16 16 Other approaches to AI Learning through experience (Rodney Brooks: Cog, Kismet) –Machines that experience the world in much the way human beings do –“You can learn stuff on your own” –Robotic insects example Each leg containing a small circuit that tells it about basic movements All local computation physically coupled through the body, with gait emerging spontaneously from circuits’ interaction 16

17 Areas of work in AI Theory Philosophy Applications

18 Turing test

19 The Chinese room ( John Searle )

20 Eliza (1966) Conversation with ELIZA E> Hello. I am ELIZA. How can I help you? P> I am feeling sad. E> I am sorry to hear you are sad. P> I had some nightmares tonight. E> You say you had some nightmares tonight? P> Yes, my dreams are worrying me. E> What does that dream suggest to you? P> Thrill, scare. E> I am not sure I understand you fully. P> My dreams annoy me. E> Do you dream often? P> Yes, daily.

21 Lost in translation English → Russian (or Spanish)→ English “The spirit is willing, but the flesh is weak” → → Дух охотно готов, но плоть слаба → → “The vodka is good, but the meat is rotten” (Actually: “Spirit is willingly ready, but flesh is weak” or “The alcohol is arranged, but the meat is weak”)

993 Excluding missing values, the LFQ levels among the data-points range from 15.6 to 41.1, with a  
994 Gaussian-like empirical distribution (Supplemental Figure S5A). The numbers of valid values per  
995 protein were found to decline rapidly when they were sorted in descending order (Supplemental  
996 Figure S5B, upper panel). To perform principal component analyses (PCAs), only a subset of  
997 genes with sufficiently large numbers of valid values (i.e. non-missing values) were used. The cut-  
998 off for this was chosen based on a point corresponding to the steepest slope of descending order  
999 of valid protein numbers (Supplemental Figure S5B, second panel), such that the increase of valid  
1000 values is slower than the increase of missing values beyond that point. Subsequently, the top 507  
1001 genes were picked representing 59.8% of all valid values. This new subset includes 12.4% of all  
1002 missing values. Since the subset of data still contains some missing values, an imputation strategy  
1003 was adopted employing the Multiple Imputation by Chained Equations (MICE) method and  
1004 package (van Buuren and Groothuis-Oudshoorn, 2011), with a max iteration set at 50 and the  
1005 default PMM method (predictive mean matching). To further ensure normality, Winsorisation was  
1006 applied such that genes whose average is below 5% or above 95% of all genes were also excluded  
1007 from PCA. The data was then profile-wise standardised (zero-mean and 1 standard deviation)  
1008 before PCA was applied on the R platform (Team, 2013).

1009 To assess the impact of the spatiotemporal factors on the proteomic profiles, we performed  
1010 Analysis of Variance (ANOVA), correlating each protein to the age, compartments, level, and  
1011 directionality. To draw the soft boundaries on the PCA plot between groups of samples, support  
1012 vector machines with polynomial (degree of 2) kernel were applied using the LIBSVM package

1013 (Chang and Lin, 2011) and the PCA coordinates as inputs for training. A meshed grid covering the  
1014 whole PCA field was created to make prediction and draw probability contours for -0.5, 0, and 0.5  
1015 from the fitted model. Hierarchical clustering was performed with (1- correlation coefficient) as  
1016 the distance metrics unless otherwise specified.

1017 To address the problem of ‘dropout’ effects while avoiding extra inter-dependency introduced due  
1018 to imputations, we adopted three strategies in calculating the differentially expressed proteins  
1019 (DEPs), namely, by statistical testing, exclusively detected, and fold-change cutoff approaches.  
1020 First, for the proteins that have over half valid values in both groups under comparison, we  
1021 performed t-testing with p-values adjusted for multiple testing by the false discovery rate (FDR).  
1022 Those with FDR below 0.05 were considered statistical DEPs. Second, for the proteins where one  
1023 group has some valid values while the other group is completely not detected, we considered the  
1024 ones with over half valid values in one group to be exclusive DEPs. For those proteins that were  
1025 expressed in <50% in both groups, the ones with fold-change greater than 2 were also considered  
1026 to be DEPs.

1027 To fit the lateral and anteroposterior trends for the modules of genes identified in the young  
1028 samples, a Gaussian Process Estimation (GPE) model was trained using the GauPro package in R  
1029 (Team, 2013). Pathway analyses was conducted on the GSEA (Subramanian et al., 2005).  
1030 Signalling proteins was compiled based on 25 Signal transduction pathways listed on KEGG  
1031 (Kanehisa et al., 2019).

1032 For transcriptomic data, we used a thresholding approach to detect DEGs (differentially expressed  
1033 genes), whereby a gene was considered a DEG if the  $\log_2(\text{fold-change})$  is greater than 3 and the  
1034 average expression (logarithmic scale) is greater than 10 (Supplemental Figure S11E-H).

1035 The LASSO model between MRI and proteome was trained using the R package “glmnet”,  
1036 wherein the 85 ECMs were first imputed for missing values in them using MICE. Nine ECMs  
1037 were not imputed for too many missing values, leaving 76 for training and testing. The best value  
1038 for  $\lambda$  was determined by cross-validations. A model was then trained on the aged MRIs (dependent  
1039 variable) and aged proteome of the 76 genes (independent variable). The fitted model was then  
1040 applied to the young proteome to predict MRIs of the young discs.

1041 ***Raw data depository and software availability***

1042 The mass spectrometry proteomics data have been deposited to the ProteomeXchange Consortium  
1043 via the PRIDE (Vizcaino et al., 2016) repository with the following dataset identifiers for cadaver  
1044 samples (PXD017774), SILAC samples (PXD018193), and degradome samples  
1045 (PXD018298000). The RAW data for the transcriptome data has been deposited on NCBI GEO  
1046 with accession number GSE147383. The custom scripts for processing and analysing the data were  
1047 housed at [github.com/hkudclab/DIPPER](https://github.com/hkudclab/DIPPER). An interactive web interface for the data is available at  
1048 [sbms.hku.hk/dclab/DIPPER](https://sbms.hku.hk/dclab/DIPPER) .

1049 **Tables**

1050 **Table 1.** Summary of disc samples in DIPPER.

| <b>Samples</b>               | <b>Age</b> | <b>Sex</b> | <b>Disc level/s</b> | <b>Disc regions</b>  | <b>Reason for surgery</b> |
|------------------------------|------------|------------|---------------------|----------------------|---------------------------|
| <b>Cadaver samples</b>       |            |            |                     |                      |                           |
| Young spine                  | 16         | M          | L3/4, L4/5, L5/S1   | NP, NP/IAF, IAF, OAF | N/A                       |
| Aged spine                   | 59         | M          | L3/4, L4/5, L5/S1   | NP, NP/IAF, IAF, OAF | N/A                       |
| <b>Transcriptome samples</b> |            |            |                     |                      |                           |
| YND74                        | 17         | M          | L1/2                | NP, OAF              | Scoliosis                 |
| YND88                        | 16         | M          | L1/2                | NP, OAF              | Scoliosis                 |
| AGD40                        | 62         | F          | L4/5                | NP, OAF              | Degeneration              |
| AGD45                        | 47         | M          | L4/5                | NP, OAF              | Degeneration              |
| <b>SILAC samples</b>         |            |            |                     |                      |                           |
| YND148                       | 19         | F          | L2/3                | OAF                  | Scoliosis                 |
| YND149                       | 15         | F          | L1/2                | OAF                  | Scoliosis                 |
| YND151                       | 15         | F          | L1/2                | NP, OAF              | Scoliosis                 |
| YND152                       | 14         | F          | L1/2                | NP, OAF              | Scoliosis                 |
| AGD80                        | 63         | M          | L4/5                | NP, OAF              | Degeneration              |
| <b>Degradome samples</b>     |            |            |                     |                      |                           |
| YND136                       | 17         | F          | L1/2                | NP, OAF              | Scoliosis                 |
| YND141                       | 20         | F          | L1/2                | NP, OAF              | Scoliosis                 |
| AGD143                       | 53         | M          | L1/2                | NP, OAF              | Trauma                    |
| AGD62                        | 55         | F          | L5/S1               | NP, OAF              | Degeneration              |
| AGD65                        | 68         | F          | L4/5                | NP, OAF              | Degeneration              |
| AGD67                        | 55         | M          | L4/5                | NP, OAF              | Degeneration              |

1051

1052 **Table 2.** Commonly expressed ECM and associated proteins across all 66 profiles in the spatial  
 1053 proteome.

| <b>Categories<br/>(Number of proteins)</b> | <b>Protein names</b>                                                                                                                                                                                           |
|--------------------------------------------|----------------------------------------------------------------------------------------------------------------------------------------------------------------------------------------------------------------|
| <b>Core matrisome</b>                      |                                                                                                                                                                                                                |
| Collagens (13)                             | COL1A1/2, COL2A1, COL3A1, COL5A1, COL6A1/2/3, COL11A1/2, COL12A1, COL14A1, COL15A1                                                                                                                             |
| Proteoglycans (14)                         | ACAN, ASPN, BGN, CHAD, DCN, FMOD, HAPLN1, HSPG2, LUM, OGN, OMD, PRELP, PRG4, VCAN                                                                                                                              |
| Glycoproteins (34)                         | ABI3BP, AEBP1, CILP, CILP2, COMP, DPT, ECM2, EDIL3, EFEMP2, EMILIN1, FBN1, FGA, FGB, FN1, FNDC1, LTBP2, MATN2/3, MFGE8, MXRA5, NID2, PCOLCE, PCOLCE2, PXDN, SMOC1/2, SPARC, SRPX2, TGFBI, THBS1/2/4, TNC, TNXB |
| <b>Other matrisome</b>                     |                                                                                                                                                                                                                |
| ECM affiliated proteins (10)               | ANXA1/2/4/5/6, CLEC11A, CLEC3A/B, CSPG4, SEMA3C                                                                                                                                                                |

22 Autonomous robots

23 Personalization, recommendation

24 US District Court judge John E. Jones III Proponents of intelligent design argued that their supposedly scientific alternative to evolutionary theory should be presented in biology classes. “An objective student can reasonably infer that the school’s favored view is a religious one, and that the school is accordingly sponsoring a form of religion.”

25 One book What if I want to read just one book about artificial intelligence? Darwin's Dangerous Idea by Daniel Dennett In favor of materialistic Darwinism Victims: Noam Chomsky, Roger Penrose, John Searle and, specially, Stephen Jay Gould